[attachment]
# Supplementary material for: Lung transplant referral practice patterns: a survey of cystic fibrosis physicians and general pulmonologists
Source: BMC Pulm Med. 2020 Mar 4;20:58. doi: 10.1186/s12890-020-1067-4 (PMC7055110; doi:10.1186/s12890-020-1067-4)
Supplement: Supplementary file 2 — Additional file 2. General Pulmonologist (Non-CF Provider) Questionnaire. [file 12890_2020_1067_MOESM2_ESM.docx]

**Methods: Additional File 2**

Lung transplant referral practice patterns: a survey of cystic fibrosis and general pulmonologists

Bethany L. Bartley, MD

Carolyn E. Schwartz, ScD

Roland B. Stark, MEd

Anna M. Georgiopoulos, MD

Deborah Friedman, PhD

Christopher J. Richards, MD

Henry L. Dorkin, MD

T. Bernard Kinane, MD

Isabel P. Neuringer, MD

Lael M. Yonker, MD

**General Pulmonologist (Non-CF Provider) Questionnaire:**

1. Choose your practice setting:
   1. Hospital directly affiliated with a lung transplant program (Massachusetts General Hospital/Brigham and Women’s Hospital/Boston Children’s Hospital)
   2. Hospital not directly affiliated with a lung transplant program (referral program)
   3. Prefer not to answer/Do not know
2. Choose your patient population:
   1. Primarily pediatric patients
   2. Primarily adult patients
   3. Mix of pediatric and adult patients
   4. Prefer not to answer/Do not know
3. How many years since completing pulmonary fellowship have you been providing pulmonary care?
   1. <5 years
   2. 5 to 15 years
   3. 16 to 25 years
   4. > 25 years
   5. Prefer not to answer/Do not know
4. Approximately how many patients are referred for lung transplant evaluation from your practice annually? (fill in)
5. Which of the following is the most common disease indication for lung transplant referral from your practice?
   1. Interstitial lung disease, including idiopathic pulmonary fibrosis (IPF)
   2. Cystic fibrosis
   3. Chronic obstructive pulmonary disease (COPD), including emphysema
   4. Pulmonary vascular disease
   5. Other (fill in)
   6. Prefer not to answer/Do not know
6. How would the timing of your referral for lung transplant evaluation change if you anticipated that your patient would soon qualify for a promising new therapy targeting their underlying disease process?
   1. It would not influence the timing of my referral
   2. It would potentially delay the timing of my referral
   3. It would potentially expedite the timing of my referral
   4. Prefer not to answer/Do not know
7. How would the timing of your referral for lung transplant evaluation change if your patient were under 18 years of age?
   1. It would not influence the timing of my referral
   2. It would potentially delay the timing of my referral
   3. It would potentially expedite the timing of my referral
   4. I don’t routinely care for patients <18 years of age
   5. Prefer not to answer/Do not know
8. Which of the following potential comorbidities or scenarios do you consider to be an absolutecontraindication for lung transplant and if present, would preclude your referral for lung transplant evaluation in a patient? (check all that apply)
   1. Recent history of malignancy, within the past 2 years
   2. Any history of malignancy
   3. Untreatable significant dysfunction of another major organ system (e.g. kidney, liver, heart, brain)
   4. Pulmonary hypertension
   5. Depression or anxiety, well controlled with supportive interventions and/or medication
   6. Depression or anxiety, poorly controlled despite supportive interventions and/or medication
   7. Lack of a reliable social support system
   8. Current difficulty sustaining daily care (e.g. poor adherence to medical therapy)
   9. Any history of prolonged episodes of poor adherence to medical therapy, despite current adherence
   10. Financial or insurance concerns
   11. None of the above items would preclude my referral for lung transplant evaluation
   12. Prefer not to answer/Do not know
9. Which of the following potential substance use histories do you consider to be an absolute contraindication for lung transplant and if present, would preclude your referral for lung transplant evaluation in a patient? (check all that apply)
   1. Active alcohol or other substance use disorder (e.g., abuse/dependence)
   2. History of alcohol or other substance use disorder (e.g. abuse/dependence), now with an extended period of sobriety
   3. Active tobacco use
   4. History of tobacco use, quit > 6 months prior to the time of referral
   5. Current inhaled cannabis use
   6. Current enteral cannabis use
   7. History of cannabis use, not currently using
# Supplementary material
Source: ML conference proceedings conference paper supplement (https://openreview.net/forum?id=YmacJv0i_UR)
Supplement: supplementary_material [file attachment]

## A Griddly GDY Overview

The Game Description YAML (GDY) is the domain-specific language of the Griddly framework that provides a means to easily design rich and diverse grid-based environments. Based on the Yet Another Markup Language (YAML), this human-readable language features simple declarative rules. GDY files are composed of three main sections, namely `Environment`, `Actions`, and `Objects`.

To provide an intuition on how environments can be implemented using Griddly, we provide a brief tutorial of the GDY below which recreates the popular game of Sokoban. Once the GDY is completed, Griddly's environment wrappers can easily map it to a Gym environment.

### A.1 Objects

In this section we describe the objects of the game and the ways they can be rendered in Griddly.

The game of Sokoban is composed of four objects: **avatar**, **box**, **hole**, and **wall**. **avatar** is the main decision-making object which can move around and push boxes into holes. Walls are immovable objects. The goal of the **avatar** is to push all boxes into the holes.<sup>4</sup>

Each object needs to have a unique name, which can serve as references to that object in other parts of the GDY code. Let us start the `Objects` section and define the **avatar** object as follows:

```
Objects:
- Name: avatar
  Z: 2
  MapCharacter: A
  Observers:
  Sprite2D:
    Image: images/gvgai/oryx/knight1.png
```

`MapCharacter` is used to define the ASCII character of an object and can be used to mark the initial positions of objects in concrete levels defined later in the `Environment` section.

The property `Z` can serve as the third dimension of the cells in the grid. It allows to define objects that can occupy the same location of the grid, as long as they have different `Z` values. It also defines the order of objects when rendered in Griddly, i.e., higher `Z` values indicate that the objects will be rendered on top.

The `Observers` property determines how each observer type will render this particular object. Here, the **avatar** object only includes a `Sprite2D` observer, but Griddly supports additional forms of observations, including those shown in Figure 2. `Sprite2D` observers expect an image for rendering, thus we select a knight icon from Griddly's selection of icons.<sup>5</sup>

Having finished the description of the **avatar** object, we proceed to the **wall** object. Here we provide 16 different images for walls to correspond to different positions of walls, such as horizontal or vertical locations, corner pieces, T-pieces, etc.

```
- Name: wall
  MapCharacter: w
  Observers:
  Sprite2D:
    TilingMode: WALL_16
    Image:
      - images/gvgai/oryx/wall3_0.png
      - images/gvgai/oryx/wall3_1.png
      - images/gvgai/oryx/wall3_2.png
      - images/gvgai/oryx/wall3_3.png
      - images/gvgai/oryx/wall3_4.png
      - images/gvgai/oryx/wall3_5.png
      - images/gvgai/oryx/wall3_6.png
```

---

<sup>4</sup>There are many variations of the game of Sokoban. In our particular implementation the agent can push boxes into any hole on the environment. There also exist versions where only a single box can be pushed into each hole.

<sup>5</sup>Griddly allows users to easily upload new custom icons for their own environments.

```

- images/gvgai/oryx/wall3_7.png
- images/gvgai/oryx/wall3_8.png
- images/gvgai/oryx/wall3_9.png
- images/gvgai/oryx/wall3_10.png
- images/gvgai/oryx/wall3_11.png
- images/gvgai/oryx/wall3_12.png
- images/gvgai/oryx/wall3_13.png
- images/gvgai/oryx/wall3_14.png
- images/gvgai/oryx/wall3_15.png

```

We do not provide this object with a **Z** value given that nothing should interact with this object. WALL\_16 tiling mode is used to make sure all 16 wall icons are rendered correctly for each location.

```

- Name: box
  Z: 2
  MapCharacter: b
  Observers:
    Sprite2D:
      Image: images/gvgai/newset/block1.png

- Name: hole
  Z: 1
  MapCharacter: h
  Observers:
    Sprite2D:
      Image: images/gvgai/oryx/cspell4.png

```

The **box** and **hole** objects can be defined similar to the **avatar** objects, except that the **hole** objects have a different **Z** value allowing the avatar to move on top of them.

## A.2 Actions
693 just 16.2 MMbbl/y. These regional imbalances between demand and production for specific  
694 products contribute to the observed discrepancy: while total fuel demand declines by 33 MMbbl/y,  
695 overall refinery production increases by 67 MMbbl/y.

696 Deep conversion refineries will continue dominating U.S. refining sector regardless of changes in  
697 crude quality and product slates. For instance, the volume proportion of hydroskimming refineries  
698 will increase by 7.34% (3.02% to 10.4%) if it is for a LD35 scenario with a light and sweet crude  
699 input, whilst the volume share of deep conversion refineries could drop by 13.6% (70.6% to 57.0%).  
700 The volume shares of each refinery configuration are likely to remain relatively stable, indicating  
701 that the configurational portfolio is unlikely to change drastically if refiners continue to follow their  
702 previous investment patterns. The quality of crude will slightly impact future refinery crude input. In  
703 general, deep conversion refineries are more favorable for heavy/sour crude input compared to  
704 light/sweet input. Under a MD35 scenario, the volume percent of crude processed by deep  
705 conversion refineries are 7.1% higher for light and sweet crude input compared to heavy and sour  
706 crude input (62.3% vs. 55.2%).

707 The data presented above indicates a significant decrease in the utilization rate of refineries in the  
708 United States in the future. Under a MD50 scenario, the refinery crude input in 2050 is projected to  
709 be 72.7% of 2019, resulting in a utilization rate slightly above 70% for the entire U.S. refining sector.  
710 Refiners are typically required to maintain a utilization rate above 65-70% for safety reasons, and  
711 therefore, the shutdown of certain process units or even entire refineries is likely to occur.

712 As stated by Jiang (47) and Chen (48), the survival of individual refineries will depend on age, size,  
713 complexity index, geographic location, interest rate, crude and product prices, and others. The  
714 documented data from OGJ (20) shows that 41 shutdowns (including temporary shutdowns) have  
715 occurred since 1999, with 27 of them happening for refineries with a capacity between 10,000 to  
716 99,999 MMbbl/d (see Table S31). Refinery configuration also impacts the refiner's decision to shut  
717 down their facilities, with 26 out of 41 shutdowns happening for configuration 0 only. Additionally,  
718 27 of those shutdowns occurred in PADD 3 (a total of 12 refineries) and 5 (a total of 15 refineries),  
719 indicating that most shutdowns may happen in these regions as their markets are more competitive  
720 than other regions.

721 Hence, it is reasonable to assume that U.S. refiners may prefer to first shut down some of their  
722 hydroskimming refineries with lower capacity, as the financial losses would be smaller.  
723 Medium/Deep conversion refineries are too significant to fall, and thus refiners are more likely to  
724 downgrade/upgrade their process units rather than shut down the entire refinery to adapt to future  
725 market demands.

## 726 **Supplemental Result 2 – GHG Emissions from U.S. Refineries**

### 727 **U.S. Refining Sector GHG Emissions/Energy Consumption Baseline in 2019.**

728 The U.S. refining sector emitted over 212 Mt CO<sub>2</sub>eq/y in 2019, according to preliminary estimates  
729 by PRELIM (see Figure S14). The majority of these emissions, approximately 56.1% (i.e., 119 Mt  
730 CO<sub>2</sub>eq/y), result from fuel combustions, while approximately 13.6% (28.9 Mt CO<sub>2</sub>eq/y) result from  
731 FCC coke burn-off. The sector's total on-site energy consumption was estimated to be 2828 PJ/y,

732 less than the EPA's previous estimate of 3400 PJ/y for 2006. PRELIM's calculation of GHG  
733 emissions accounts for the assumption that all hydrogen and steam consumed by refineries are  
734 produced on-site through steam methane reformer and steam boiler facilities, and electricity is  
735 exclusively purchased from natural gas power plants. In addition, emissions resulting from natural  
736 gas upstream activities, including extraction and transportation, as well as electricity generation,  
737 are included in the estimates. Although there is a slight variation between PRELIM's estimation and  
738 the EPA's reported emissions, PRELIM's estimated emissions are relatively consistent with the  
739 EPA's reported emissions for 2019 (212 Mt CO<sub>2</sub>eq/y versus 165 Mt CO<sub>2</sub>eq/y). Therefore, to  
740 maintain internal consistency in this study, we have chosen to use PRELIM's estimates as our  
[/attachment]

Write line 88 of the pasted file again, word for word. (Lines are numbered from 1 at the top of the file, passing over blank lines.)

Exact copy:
  Sprite2D: